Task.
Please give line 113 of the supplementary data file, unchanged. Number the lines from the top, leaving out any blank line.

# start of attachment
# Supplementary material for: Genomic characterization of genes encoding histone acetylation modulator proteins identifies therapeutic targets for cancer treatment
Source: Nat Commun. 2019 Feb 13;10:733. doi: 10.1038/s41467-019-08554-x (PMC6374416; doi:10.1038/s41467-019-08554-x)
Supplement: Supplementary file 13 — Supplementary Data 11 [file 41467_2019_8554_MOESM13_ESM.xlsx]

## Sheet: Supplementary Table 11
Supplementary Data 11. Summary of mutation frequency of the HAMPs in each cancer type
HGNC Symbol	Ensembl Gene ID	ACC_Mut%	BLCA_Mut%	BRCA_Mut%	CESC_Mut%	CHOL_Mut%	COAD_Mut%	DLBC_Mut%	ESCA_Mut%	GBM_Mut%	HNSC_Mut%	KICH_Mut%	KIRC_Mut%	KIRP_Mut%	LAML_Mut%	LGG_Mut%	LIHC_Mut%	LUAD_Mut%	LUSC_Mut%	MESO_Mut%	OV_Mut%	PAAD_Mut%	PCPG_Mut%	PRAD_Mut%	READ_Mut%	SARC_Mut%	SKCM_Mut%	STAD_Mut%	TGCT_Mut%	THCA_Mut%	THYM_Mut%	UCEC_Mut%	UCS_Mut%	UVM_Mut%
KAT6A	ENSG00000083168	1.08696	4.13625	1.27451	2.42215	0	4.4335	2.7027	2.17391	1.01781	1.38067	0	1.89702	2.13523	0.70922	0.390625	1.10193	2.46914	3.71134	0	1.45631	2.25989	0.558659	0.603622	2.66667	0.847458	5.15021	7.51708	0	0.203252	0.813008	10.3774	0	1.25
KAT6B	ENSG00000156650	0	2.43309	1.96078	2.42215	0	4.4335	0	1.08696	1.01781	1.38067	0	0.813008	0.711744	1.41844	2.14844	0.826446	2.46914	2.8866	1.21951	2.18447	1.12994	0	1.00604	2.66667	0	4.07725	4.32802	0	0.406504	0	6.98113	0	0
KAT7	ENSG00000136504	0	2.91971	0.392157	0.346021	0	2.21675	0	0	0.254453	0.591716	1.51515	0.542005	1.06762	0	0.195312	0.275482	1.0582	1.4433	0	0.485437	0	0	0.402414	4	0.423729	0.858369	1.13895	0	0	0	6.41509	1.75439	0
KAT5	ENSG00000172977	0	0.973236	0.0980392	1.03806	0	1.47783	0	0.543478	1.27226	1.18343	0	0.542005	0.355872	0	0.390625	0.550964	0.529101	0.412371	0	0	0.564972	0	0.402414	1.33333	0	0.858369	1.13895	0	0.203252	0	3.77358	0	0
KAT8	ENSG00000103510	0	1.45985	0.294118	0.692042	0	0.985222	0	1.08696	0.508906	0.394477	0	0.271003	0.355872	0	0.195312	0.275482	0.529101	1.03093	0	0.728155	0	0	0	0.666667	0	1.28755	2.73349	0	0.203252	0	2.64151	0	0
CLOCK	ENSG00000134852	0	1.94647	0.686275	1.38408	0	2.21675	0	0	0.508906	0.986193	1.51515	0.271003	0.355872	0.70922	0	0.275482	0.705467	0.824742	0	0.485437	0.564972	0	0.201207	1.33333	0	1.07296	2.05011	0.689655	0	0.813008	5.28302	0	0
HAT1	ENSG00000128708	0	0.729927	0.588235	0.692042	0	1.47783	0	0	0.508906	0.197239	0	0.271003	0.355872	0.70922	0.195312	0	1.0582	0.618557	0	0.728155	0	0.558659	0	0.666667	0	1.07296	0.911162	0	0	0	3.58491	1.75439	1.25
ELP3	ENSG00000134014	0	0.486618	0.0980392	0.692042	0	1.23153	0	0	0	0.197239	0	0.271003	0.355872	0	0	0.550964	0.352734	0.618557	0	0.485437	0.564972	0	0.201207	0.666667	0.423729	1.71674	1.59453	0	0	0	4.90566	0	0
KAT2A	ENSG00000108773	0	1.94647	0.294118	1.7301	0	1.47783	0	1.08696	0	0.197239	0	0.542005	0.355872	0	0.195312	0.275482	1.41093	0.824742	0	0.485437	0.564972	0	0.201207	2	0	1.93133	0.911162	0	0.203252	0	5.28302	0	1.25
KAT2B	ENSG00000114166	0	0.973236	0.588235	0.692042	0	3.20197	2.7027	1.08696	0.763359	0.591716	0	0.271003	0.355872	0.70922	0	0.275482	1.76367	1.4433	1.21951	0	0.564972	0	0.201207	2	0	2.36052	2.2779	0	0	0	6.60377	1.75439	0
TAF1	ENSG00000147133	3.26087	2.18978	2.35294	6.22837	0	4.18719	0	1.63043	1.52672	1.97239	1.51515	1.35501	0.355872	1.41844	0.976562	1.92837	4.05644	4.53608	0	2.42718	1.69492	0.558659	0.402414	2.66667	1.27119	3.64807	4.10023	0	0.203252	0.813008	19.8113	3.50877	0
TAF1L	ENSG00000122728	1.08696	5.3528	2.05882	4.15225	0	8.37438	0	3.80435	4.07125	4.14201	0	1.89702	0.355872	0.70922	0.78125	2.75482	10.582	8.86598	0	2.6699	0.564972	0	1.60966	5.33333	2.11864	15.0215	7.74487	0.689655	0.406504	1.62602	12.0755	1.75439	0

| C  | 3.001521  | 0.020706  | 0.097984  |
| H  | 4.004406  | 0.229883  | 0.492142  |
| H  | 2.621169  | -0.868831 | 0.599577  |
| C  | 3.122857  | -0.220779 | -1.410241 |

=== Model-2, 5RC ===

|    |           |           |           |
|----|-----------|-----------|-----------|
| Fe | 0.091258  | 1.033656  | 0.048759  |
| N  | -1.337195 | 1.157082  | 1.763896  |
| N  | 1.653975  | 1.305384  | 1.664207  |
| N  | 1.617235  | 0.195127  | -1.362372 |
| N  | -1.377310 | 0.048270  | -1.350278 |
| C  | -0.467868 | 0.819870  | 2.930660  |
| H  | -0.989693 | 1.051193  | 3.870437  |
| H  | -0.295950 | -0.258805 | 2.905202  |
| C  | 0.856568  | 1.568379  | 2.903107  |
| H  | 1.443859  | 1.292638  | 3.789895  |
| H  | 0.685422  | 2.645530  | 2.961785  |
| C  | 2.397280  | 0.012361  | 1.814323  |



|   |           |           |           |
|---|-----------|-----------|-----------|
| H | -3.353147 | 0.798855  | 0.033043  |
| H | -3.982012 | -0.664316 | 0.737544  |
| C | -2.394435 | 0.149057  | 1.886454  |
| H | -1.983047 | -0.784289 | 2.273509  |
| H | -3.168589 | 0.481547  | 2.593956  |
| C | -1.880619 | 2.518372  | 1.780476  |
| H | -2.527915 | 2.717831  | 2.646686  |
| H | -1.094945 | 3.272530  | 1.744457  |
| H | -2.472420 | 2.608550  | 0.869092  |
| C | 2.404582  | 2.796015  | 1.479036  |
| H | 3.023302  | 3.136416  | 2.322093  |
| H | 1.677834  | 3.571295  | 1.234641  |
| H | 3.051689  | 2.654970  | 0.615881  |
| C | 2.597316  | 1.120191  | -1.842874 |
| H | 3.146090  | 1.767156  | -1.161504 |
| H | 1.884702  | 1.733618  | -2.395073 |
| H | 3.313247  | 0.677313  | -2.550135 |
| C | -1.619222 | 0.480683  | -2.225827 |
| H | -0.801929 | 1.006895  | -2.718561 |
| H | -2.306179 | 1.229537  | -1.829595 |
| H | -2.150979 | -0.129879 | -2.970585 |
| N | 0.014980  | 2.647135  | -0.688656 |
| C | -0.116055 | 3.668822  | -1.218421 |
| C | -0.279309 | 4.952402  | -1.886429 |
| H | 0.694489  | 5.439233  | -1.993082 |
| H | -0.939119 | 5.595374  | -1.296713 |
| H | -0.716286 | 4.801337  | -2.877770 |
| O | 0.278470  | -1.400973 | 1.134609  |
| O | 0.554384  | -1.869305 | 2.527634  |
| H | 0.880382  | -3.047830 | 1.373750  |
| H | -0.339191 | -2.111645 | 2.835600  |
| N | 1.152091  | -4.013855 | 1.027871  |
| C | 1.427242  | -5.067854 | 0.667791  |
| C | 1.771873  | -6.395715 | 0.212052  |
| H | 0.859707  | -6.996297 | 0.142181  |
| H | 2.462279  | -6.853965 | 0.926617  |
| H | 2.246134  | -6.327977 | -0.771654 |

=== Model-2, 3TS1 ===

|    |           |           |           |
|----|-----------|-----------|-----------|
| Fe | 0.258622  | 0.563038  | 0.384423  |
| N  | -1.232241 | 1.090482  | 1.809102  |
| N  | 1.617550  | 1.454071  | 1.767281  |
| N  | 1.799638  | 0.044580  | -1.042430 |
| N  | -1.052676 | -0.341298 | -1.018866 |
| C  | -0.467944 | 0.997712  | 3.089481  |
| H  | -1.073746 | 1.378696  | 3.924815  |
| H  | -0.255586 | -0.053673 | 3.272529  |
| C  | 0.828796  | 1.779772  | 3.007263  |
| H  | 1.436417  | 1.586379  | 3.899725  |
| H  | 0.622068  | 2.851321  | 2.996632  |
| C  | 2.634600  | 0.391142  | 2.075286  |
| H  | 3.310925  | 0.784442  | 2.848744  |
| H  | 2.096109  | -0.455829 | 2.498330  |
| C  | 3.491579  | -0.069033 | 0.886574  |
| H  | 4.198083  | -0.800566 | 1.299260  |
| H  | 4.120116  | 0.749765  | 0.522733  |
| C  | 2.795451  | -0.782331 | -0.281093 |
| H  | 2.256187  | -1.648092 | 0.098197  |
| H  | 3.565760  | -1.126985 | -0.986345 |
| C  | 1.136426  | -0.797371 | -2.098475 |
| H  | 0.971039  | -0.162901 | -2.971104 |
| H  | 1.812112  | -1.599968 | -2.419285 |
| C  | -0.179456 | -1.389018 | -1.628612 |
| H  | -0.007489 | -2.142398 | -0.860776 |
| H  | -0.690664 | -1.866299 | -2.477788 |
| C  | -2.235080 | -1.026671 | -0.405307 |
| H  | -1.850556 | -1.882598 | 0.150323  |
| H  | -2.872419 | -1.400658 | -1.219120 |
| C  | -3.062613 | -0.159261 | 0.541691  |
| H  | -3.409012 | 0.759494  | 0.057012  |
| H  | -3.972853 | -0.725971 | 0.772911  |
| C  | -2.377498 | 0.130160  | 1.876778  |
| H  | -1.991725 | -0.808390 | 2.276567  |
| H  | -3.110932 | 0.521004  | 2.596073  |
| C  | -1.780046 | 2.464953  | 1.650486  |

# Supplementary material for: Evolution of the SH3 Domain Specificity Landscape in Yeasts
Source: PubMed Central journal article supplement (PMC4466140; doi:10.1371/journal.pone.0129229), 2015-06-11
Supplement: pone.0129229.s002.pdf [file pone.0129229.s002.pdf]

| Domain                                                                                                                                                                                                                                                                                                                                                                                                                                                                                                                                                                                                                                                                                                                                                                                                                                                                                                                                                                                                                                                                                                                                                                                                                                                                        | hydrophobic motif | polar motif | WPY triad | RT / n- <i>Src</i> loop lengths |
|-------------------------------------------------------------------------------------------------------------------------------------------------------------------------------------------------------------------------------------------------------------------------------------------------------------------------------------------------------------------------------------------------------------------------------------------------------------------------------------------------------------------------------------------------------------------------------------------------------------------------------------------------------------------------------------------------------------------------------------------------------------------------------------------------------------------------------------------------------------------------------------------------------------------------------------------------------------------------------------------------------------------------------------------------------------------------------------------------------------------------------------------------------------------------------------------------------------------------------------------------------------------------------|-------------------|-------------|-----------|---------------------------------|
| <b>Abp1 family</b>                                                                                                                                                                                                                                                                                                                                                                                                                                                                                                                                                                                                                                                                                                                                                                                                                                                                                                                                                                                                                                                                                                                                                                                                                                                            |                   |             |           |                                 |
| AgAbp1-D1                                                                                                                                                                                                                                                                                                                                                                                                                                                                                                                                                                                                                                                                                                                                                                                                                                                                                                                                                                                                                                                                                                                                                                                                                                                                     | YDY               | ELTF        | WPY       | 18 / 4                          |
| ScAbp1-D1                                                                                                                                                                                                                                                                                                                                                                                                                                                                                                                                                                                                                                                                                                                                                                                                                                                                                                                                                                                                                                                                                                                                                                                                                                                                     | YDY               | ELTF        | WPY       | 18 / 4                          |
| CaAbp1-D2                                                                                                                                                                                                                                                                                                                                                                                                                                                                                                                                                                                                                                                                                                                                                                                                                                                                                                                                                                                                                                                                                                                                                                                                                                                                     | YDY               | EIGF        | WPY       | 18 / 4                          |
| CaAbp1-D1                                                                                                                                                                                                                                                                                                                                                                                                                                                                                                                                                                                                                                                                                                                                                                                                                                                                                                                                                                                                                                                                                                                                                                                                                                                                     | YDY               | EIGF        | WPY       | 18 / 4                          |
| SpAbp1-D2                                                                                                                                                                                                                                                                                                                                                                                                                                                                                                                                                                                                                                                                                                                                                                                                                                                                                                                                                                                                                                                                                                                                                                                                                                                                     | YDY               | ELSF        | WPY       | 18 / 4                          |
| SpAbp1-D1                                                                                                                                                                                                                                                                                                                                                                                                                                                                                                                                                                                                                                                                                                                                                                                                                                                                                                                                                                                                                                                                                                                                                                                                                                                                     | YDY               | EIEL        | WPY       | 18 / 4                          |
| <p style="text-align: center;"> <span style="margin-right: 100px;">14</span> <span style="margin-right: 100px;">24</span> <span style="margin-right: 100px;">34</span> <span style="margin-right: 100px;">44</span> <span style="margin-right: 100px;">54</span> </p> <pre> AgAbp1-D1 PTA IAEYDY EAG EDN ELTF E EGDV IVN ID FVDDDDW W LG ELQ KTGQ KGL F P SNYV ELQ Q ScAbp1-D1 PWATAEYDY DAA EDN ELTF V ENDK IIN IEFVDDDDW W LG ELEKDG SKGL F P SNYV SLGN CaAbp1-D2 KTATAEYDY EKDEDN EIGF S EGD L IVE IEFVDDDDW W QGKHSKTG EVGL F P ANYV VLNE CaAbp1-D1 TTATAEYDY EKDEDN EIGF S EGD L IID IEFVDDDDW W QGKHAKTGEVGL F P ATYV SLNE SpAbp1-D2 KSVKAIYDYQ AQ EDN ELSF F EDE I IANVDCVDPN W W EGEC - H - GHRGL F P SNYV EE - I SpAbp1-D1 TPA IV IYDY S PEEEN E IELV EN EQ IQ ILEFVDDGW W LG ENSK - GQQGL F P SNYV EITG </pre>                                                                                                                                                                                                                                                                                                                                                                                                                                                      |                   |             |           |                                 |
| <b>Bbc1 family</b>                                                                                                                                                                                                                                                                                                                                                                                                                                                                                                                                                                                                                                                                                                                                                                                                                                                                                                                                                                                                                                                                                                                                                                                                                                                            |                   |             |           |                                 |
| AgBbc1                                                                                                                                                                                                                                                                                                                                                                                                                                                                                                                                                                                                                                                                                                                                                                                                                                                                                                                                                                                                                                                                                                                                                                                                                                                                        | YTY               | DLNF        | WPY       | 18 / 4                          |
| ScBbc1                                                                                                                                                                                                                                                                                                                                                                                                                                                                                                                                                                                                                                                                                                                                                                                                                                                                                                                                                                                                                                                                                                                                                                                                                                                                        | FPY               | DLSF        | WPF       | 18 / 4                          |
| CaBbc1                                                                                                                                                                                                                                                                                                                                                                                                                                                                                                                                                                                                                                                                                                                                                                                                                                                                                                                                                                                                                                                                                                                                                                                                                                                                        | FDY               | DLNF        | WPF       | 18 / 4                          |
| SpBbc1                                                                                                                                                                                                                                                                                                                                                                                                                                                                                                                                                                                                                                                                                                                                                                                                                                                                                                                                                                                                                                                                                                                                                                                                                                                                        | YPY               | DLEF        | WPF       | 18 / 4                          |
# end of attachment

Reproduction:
| H  | -1.991725 | -0.808390 | 2.276567  |